In Haiti, aid is finally getting to the people

Slowed by logistics at the airport and a weak infrastructure that makes transportation difficult, crucial food, water, and medical supplies are just now making it to many desperate Haitians.

By , Staff writer

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    Members of World Food Program distribute vitamin-enriched biscuits to Haitians while United Nations soldiers control the crowd in a tent city in Port-au-Prince, Haiti, Sunday. Five days after a 7.0 earthquake, relief agencies are trickling supplies into the city. Most people have yet to receive food rations.
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    United Nations soldiers try to control the crowd at a tent city where the World Food Program was distributing vitamin enriched biscuits in Port-au-Prince, Haiti, Sunday. Five days after a 7.0 earthquake, relief agencies are trickling supplies into the city. Most people have yet to receive food rations.
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Relief aid, which has piled up at the airport in Haiti's capital, Port-au-Prince, is finally making its way to communities that have not received any help since last Tuesday's magnitude-7.0 earthquake left hundreds of thousands of Haitians homeless and hungry.

The desperation, and mounting tension, is clear across the city.

At a makeshift settlement near the airport, groups of Haitians scrambled to get vitamin-enriched cookies from the World Food Program. Those outside clawed at the gate while United Nations peacekeepers guarded the area.
Slowed by logistics at the airport and a weak infrastructure that makes transportation difficult if not impossible, aid groups have complained about the slow trickle of medical and humanitarian aid that in too many cases is meaning the difference between life and death in the devastated capital.

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“The logistics are a nightmare,” says Hossam Elsharkawi, who is coordinating a Red Cross team at the general hospital in Port-au-Prince. “There is no water or food that people need.”

Help is on the way

At the hospital, where a single nurse was patrolling a field of dozens of victims over the weekend, international organizations such as International Medical Corps and the Red Cross were on the scene Sunday, wrapping broken limbs and cleaning wounds. Two Red Cross teams from Canada and Norway began setting up an emergency surgical tent and clinic.
Leaders from around the globe have made pledges of assistance to help Haiti rebuild and recover from the destruction that may have left up to 200,000 dead.
UN Secretary General Ban Ki-moon visited the settlements around Port-au-Prince Sunday, calling the aftermath of the earthquake “one of the worst humanitarian crises in decades.”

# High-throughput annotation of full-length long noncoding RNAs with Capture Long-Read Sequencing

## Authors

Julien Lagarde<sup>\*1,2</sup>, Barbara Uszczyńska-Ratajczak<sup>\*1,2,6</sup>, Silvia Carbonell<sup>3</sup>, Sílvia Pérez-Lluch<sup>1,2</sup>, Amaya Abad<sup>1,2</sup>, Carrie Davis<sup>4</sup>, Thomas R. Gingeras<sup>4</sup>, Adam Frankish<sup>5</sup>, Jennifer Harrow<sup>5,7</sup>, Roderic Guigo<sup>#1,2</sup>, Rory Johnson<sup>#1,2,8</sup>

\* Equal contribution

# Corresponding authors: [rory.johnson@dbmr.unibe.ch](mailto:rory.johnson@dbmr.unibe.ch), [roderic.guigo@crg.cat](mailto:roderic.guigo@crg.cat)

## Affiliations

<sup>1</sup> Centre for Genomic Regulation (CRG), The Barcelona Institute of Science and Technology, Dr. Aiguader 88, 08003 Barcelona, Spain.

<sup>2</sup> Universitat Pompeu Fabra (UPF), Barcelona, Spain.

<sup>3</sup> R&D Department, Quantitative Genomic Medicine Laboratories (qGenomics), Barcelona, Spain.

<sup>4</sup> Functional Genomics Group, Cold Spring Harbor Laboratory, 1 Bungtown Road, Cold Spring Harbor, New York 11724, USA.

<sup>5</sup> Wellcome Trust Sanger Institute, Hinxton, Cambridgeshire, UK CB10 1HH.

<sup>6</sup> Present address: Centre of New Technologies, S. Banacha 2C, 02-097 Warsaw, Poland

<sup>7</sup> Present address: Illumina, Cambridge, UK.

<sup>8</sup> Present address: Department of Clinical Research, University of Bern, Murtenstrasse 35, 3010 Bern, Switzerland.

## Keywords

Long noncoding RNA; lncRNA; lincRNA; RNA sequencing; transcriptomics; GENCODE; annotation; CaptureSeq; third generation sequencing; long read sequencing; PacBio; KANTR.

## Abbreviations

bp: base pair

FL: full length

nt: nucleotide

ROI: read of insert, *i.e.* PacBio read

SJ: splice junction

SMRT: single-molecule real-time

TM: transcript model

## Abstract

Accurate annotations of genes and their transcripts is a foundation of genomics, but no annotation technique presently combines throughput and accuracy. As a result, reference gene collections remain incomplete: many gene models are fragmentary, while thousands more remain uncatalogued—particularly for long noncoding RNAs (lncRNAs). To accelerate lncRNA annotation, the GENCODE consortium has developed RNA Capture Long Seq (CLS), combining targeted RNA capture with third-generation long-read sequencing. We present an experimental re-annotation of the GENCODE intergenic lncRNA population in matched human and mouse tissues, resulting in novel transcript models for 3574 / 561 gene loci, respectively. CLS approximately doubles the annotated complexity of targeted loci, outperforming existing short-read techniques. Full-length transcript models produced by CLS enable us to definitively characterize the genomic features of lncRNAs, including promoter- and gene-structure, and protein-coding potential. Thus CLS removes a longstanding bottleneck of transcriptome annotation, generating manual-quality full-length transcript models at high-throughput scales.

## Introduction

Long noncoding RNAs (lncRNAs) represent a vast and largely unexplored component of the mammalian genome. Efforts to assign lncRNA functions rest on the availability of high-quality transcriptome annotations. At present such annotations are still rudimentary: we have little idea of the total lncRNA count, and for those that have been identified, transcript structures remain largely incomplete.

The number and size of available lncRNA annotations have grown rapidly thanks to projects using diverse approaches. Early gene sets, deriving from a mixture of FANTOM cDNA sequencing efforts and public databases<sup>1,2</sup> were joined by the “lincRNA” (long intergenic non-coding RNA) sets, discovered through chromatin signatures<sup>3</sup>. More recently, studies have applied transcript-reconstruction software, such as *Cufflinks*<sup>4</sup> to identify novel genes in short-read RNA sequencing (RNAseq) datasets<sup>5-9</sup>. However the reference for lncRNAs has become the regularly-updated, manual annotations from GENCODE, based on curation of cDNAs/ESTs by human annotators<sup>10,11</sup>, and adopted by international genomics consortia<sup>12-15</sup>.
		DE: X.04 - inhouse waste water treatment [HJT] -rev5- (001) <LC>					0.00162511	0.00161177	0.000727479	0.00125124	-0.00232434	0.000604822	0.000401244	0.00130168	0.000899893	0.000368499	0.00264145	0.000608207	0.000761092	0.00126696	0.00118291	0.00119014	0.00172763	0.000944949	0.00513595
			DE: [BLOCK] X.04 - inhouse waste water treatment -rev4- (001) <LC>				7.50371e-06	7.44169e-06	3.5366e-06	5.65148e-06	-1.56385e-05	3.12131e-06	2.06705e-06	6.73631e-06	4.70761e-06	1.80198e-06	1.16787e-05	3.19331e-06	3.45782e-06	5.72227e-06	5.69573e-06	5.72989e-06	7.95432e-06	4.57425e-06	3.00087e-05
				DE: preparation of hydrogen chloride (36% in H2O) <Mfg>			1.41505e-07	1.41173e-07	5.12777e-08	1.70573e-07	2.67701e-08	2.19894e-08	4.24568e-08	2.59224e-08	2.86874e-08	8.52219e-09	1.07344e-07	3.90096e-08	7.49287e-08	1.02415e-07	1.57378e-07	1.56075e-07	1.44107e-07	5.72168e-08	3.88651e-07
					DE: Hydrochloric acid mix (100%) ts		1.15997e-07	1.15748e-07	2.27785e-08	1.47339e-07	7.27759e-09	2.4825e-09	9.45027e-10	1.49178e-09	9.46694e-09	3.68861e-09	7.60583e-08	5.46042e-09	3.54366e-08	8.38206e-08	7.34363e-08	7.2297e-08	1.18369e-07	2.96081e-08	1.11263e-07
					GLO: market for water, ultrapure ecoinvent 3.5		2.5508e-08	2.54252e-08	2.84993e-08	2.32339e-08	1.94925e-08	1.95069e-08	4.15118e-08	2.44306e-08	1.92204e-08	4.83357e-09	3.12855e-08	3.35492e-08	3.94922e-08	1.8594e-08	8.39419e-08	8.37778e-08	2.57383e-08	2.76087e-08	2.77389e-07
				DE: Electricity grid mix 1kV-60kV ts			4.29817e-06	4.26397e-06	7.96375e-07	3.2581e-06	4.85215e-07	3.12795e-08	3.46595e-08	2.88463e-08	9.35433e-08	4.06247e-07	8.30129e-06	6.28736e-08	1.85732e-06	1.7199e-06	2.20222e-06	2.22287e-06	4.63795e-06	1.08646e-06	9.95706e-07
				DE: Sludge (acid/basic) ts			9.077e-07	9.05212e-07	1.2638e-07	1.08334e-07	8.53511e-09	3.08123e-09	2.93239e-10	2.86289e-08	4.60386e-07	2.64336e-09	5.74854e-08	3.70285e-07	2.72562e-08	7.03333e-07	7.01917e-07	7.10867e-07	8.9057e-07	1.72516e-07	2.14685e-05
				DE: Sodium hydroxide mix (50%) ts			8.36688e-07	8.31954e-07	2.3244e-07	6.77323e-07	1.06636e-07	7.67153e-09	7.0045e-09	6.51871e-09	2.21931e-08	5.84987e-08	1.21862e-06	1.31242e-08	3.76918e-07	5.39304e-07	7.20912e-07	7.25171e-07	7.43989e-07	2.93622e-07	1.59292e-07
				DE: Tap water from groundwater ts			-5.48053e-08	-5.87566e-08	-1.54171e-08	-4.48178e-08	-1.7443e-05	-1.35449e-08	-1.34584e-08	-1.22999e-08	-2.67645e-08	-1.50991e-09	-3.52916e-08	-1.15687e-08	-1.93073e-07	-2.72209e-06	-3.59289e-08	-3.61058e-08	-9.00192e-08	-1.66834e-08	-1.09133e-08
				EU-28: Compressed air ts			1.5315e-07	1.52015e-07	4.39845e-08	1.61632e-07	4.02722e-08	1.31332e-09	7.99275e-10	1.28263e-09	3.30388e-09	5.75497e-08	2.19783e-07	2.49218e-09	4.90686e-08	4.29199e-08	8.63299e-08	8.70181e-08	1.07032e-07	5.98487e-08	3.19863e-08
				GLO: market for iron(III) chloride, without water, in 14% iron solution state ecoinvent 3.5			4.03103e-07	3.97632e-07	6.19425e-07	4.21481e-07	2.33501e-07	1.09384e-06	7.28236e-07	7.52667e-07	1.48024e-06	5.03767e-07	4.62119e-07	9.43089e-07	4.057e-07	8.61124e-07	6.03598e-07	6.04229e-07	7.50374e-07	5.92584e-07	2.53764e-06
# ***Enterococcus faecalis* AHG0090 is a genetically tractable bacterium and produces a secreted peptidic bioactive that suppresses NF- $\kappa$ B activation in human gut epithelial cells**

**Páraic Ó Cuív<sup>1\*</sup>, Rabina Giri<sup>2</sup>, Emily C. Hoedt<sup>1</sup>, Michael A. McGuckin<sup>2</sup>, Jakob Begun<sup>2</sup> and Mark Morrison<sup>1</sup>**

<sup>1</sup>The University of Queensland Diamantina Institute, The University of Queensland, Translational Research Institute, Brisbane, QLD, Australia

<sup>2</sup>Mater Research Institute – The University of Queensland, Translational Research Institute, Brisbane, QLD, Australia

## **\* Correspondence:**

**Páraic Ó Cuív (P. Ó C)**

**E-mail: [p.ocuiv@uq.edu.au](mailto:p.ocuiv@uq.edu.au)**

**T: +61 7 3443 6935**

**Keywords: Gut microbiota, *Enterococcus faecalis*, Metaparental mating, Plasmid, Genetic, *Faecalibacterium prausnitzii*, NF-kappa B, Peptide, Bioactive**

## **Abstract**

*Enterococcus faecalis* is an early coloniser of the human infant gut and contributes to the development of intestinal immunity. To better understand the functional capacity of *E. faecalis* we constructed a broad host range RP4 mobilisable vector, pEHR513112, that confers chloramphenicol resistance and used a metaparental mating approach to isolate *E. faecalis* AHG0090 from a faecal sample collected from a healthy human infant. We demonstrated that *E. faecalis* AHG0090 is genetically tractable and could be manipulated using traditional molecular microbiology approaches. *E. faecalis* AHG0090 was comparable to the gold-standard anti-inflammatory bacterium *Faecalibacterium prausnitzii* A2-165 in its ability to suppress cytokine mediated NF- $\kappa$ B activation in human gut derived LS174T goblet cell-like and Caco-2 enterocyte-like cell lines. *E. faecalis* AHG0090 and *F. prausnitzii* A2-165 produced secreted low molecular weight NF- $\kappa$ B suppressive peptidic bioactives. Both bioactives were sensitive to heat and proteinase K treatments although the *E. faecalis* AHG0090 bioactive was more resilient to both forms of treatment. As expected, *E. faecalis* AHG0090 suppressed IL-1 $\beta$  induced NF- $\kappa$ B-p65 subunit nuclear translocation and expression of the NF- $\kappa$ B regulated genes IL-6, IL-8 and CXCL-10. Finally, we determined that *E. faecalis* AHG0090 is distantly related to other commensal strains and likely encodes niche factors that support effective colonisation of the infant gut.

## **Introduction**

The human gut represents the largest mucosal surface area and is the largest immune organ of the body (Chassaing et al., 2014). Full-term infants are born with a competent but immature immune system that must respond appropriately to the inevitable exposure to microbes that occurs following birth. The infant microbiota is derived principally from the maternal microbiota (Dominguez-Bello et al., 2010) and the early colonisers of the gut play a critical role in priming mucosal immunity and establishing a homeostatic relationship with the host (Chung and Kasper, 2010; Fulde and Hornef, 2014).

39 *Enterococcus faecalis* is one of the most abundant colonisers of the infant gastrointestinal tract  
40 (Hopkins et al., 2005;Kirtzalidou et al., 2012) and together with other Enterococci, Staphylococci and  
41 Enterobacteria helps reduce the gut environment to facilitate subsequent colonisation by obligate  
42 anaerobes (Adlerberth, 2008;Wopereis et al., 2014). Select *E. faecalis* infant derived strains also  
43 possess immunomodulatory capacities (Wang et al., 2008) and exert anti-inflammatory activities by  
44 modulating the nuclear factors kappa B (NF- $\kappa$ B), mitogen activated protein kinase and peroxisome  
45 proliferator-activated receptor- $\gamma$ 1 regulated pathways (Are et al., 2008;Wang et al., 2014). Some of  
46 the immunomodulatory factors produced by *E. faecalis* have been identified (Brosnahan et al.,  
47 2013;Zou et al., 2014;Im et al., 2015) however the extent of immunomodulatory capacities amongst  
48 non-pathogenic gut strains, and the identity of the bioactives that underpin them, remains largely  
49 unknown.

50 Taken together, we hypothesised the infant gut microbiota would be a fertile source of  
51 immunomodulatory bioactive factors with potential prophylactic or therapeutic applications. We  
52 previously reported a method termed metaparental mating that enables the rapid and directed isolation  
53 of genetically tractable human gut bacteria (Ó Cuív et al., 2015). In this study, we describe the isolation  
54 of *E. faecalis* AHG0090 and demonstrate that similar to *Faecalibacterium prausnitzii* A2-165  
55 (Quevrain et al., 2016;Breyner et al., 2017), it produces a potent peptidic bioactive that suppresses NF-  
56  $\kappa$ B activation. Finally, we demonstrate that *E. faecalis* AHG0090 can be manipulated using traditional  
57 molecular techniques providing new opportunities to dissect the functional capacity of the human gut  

European Union institutions and member states have offered more than $575.6 million in emergency and longer-term assistance, and some 2,200 Marines with heavy earth-moving equipment, medical aid, and helicopters were arriving Monday, said the US Southern Command, which aims to have 10,000 US troops in the area for the rescue operation.

With limited airspace, some groups have complained that they have been unable to land to deliver supplies. The Red Cross had to divert one shipment to the Dominican Republic Sunday, from where it had to make its way to Haiti overland, says Mr. Elsharkawi.

Tyler Foster, chief master sergeant of the US Air Force, says they have coordinated per orders of the Haitian government, which has requested that water and food get priority over medicine.

The airport, which the US military is now controlling, is full of shipments of aid being sent in from all around the world and rescue teams and doctors from the US and beyond. On Sunday, workers unloaded bottles of water and packages of milk. But the narrow streets of Port-au-Prince, many blocked off by boulders of collapsed homes and even dead bodies, stand in their way, as do security concerns.

Anger boils over

At the food distribution point with the World Food Program, Haitians angrily yelled that they've waited for days for food. Some opened up packages of cookies they have received, and complaining that they are expired, crushed them in their hands and tossed them on the ground. One yelled at a UN officer eating a granola bar; he handed it over to the man.

“The problem is there are not enough trucks,” says Martin Diaz, a UN peacekeeper from Argentina. “And it is not just food we need to distribute, there are also rescue teams, people, and medicine.”

Groups of looters have taken to the streets for two days, with police breaking up riots with shots. Etekolo Maignan, who is living with his family in one of the largest settlements of Port-au-Prince after they lost their home, says the situation is untenable.

“It is very difficult. We have no water, and no food,” he says. “There is so much need.”

But with aid finally beginning to arrive Sunday, the mood seemed calmer in many parts of the city.

The US, which has launched a massive humanitarian effort, is also planning an airlift drop Monday with aid from a C-17, says Sergeant Foster, in a race to have supply meet the overwhelming needs here.

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